Hydrogen  143
 Nuclear Fission  88250000
 Nuclear Fusion  645000000

Source: M J Kelly, ‘Lessons from technology development for energy and sustainability’

MRS Energy and Sustainability 2016; 3: 2–13.

The productivity of renewables

If a cheetah exerts more energy chasing a rabbit than it gets by eating it, its future is not assured. If the cheetah is supporting a family, then the ratio of energy expended to energy obtained had better be much less than unity. A similar calculation can be performed for energy generation technologies. This is known as the energy return on investment. The solar farms installed in Spain during 2006–9 expect to collect 250% of the energy used in their manufacture, installation and operation over their 25-year lifetimes, so in energy terms or money terms, the return on investment is 2.5:1. If the panels were free and their efficiency up 50% on the actual solar panels of a decade ago (reaching the absolute limit imposed by the physics of solar interactions with one semiconductor interface), the EROI rises to about 5:1. Data from the first-of-its-kind wind farm at Vindeby shows that the lifetime revenue is only 140% of the construction cost, reduced to 100% when lifetime maintenance costs are added. For the Hornsea 1 offshore windfarm, due to be completed next year, the expected lifetime revenue is only five times the total lifetime costs. The figure for the Hinkley Point nuclear power station is 7:1, or more if there is any life extension as is common with nuclear power plants.

These numbers for wind and solar are worryingly low. Mankind has a so-called hierarchy of energy needs and desires, running from basic requirements like heat and cooking, through to more sophisticated requirements like education and ‘nice-to-haves’ like the arts (Figure 14). It is progressively higher returns on energy investments that allow us enjoy these progressively greater benefits of civilisation. Every £1 of coal generates £10 of electricity, and every £1 of natural gas generates £15 of electricity. With these factors one can see how the modern world can run with an energy sector that is only 9% of the world economy. The question remains – are renewable energies productive enough to maintain a modern global economy as we know it? If we need to have a rather larger energy sector as a fraction of the global economy, we will be taking a reverse step in terms of the trajectory of Figure 3.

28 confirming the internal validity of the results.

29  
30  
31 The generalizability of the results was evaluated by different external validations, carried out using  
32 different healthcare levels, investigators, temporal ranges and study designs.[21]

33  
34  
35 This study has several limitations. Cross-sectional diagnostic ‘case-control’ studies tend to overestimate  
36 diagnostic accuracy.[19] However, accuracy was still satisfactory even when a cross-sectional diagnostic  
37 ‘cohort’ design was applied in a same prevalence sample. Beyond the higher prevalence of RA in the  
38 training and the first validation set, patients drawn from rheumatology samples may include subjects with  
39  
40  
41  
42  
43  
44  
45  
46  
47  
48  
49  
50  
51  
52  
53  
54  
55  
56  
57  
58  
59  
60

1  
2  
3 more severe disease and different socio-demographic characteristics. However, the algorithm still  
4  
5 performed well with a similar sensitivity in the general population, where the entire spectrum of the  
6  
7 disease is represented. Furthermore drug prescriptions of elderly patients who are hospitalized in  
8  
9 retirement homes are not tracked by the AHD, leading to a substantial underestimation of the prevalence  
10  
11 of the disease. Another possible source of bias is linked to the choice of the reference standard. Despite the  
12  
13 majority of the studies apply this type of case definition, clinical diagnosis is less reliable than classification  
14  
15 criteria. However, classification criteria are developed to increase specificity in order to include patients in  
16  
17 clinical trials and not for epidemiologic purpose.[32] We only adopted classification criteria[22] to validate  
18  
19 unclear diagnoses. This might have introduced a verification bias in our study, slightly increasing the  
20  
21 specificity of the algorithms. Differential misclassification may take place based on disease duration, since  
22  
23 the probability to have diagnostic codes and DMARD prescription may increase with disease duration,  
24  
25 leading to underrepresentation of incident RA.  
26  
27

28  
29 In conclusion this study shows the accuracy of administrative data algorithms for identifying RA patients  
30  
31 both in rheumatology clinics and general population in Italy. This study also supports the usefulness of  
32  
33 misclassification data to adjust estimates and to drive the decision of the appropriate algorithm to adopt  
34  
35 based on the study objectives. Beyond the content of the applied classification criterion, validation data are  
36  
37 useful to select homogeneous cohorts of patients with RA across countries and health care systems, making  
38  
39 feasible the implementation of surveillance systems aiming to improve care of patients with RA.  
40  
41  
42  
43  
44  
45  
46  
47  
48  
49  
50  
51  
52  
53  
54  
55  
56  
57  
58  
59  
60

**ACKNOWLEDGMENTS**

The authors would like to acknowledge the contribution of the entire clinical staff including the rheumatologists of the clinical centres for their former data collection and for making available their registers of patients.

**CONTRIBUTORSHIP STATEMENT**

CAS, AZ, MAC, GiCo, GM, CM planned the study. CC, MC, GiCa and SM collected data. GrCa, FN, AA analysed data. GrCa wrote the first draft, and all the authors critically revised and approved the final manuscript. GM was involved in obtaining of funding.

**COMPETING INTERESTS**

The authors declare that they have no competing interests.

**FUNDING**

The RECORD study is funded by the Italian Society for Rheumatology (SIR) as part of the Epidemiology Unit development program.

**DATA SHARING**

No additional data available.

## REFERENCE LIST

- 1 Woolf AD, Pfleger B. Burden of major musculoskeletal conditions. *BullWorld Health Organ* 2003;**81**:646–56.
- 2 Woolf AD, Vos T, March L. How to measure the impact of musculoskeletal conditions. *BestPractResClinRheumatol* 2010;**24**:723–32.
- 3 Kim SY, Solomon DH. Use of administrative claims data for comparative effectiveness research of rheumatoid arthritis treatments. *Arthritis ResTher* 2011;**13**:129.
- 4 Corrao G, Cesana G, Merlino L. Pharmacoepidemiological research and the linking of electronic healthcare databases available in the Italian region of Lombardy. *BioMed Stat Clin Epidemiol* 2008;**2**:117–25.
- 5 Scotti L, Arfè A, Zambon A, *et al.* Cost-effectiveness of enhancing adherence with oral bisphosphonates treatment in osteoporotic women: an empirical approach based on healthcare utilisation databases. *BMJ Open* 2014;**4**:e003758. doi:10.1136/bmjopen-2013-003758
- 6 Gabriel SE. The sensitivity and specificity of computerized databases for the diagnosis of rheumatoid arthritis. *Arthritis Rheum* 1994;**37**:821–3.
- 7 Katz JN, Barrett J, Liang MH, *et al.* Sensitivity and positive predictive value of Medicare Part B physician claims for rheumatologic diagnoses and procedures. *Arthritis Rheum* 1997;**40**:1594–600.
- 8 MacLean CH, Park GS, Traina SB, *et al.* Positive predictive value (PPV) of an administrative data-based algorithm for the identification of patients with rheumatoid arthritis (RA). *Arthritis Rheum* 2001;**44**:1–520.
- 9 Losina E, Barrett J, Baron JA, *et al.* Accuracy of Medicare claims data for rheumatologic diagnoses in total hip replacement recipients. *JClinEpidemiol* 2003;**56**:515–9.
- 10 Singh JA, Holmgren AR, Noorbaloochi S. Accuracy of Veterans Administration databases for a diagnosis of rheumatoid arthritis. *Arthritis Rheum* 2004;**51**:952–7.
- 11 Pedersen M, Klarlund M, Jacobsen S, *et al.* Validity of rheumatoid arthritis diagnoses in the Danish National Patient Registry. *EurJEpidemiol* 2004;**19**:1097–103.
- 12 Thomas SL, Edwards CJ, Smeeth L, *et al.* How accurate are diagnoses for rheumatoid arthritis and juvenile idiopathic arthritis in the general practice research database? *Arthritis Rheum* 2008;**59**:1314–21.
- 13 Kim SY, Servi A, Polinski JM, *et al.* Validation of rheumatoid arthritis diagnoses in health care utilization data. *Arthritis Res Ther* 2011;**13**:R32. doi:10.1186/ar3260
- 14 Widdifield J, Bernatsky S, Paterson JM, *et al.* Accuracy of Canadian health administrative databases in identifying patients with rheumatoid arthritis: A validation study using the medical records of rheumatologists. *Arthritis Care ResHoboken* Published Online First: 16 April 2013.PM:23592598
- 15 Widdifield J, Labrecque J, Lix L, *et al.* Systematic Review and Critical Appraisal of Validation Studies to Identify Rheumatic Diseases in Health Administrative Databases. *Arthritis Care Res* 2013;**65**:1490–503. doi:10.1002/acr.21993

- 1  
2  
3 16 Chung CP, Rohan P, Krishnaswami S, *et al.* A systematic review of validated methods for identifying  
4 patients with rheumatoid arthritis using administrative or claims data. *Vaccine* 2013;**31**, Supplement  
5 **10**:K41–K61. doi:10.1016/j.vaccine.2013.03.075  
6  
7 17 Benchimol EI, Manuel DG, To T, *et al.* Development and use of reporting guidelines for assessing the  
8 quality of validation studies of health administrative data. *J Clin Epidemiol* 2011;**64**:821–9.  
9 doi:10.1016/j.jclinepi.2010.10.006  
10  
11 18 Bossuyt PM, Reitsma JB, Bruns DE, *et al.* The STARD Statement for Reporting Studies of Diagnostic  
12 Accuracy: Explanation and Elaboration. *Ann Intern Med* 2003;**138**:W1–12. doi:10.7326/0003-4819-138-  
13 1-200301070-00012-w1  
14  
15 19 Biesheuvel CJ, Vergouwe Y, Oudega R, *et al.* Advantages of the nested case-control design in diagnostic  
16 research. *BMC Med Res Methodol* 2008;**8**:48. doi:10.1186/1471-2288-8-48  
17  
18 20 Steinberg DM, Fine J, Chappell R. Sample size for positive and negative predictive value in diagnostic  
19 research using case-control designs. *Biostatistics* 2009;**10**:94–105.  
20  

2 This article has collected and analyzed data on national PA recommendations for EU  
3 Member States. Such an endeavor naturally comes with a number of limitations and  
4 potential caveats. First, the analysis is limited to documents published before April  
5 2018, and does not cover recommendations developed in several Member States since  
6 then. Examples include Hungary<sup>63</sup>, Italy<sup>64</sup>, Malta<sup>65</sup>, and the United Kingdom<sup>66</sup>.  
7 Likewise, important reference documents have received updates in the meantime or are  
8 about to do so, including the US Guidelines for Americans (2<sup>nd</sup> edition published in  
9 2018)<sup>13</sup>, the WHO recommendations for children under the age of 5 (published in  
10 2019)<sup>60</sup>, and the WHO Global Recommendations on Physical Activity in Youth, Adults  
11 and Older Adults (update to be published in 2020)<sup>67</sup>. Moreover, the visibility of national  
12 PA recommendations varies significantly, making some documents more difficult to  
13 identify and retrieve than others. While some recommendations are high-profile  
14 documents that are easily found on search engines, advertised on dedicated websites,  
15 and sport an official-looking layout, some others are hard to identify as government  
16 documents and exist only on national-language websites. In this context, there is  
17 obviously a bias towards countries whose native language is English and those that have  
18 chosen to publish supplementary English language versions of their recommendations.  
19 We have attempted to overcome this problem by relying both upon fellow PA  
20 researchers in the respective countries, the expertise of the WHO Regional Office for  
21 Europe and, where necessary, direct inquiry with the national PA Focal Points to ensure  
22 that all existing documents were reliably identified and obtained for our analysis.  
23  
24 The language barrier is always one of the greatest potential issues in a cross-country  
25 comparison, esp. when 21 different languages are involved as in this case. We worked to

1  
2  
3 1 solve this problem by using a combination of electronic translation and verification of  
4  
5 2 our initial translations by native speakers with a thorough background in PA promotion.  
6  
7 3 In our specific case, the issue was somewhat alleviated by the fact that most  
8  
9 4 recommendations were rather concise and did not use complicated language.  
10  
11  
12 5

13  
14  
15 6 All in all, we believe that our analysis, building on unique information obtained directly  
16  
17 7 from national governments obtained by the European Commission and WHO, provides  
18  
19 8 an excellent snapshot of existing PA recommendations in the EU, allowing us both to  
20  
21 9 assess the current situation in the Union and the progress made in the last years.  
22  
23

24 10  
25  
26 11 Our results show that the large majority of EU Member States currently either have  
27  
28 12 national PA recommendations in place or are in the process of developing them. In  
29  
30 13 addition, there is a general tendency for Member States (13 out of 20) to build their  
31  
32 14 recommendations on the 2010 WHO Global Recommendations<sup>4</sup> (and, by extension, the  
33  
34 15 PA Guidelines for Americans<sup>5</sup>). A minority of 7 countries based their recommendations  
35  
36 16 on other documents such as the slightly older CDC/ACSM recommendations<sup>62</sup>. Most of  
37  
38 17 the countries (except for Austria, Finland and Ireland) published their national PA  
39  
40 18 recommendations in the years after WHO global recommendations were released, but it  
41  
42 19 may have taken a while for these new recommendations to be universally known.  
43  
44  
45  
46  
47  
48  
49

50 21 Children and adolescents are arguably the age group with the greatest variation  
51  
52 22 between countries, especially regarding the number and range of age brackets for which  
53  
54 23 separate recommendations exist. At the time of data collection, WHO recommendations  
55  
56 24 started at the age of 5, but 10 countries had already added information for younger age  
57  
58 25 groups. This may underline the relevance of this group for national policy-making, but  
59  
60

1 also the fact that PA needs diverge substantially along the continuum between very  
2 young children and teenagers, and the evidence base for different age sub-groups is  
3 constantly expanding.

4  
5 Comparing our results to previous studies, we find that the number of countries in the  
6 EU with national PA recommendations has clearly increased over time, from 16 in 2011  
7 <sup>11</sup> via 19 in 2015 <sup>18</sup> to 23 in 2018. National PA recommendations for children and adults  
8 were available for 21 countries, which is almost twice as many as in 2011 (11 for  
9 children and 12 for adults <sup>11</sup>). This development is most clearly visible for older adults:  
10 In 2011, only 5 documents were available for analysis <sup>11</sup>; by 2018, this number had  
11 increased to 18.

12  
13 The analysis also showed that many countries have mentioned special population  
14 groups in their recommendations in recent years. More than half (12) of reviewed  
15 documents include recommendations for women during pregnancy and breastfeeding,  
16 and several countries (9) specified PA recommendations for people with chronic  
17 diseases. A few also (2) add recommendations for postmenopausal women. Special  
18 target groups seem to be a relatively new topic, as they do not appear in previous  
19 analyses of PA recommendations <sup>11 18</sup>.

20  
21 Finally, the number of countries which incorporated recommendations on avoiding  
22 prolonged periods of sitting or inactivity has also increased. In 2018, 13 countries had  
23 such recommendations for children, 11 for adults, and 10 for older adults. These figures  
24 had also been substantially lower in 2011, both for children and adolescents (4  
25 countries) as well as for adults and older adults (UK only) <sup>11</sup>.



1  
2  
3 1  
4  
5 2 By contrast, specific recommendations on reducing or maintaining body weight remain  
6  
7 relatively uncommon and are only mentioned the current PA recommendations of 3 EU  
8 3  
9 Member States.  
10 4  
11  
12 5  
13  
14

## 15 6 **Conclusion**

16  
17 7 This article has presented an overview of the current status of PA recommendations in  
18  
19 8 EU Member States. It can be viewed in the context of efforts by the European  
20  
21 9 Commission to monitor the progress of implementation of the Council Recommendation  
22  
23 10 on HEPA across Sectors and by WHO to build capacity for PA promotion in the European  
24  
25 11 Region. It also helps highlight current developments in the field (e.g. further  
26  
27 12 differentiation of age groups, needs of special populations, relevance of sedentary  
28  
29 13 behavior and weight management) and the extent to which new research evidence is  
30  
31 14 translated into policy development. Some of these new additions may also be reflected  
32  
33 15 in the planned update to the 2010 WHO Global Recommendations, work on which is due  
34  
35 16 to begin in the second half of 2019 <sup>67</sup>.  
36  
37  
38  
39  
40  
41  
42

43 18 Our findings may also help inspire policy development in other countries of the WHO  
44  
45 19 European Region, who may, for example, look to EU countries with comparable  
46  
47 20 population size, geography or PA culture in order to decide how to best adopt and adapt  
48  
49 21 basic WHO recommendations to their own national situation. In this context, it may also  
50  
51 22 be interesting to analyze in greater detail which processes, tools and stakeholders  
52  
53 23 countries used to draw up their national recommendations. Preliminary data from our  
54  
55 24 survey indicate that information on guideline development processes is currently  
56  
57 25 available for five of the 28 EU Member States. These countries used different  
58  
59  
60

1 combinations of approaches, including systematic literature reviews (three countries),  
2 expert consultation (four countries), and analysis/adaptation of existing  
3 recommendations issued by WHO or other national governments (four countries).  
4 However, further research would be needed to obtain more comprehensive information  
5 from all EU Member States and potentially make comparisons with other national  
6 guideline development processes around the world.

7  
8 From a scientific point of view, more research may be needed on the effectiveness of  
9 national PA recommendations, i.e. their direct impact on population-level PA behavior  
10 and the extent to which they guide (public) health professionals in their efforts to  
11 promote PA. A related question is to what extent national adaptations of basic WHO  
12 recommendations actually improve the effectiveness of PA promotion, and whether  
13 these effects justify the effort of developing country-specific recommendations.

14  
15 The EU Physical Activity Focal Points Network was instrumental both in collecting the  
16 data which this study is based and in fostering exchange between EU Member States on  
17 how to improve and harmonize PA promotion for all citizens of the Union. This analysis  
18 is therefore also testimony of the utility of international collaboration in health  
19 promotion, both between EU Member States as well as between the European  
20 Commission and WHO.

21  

The challenge of megacities

In 2050 over half the world’s population will be living in megacities with populations of more than 5 million people. The energising of such cities at present is achieved with fossil and nuclear fuels, as can the cities of the future. The impact of renewable energies will be very small, as the vast areas of land needed, often taken away from local areas devoted to food production as in London or Beijing, will limit their contribution. The extreme examples are Hong Kong and Singapore, neither of which have any available hinterland. Recent progress on the vertical farming of leaf vegetables and the development of meat grown in laboratories means that megacities could be self-sufficient in both these contributions to the human diet from factories within the limits of these megacities. Only grain still needs the large areas of agriculture.